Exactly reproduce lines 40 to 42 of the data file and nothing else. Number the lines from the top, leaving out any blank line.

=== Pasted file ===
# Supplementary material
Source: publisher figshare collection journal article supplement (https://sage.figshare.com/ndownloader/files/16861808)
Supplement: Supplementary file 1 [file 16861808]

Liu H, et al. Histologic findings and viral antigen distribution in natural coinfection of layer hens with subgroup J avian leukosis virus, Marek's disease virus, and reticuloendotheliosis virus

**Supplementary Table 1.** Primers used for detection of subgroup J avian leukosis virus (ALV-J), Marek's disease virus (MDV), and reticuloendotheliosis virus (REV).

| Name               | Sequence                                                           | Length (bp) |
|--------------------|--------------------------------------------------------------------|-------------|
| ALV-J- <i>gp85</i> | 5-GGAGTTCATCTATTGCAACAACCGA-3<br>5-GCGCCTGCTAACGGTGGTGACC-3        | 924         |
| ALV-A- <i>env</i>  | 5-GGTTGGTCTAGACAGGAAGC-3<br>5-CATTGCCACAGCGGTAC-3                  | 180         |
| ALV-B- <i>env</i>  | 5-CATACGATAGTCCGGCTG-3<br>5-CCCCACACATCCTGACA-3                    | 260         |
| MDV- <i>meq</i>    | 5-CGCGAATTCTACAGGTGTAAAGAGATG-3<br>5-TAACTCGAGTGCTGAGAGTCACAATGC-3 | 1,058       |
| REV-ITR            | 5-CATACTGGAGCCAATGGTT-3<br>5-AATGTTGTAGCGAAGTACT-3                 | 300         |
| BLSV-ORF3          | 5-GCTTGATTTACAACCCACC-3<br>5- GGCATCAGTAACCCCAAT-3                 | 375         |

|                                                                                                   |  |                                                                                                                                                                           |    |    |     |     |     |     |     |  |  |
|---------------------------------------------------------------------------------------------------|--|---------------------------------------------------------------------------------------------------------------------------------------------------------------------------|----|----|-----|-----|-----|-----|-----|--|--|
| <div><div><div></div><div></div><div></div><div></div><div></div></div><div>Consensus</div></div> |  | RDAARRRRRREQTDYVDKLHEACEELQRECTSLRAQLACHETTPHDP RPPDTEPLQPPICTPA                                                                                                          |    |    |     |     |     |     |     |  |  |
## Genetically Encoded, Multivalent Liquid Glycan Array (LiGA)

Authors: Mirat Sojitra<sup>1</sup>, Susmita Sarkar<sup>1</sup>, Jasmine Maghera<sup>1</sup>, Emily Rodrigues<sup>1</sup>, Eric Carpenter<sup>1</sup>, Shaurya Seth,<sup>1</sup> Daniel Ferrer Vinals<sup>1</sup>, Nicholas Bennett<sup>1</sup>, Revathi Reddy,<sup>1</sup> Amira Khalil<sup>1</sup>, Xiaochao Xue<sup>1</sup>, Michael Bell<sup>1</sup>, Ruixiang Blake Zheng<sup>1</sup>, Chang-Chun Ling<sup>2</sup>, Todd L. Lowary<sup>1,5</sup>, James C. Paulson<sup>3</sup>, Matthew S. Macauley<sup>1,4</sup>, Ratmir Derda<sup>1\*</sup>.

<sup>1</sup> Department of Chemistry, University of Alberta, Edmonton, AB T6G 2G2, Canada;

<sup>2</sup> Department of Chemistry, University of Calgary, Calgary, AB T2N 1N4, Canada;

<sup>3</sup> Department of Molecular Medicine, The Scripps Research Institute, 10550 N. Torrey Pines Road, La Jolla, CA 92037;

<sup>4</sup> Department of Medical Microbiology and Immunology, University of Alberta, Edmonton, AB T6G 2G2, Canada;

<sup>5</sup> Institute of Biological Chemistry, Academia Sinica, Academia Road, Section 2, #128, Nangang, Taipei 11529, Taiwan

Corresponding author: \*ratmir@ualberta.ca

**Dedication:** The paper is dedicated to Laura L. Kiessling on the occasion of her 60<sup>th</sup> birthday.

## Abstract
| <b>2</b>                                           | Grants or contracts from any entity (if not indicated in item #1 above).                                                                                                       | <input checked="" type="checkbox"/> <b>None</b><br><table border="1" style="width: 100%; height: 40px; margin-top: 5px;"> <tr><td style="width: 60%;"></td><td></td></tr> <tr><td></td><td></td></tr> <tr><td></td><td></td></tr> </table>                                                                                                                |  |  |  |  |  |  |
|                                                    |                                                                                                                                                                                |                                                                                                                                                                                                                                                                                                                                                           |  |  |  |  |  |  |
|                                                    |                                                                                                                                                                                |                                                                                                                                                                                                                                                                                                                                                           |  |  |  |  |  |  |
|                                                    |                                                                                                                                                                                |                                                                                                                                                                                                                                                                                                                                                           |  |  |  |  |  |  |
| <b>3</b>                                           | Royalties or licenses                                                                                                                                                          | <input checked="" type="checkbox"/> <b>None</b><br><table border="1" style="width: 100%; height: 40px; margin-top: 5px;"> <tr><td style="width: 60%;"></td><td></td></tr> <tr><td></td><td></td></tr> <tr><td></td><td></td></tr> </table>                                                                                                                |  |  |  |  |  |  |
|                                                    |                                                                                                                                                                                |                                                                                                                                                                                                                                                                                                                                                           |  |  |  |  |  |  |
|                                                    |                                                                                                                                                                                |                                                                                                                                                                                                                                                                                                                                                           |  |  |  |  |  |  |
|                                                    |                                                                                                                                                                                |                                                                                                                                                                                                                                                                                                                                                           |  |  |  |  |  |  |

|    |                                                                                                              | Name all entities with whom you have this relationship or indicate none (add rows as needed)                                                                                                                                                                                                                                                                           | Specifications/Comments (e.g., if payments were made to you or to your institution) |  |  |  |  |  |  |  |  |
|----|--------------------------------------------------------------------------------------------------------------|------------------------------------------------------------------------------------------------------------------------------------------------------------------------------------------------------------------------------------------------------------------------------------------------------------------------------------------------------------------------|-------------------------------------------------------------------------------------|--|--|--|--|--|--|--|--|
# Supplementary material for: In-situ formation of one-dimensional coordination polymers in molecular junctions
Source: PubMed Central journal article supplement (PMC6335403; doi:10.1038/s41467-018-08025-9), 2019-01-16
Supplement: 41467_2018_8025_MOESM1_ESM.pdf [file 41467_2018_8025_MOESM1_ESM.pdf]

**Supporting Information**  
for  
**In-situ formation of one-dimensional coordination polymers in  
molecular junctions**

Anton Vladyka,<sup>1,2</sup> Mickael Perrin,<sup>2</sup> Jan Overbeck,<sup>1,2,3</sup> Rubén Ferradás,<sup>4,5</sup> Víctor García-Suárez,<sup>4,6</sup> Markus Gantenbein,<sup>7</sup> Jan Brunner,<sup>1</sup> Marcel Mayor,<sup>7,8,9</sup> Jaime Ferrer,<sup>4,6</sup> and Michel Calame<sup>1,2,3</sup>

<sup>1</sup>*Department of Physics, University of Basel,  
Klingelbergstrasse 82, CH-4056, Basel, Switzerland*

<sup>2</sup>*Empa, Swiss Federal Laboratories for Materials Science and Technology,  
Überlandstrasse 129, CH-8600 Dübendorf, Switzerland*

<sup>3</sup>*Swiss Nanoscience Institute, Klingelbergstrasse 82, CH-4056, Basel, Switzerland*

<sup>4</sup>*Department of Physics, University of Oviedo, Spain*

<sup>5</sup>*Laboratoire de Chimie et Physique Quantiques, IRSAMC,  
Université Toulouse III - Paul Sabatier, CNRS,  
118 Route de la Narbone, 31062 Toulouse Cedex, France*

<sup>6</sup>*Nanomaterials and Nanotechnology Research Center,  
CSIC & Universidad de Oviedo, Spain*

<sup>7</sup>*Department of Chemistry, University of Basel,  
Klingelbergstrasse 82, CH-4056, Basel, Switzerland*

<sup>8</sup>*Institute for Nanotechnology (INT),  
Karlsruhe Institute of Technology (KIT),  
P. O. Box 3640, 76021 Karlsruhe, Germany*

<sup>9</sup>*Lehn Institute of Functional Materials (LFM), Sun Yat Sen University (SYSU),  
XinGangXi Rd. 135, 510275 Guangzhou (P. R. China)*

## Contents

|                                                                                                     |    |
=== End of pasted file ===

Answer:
**Supporting Information**  
for  
**In-situ formation of one-dimensional coordination polymers in  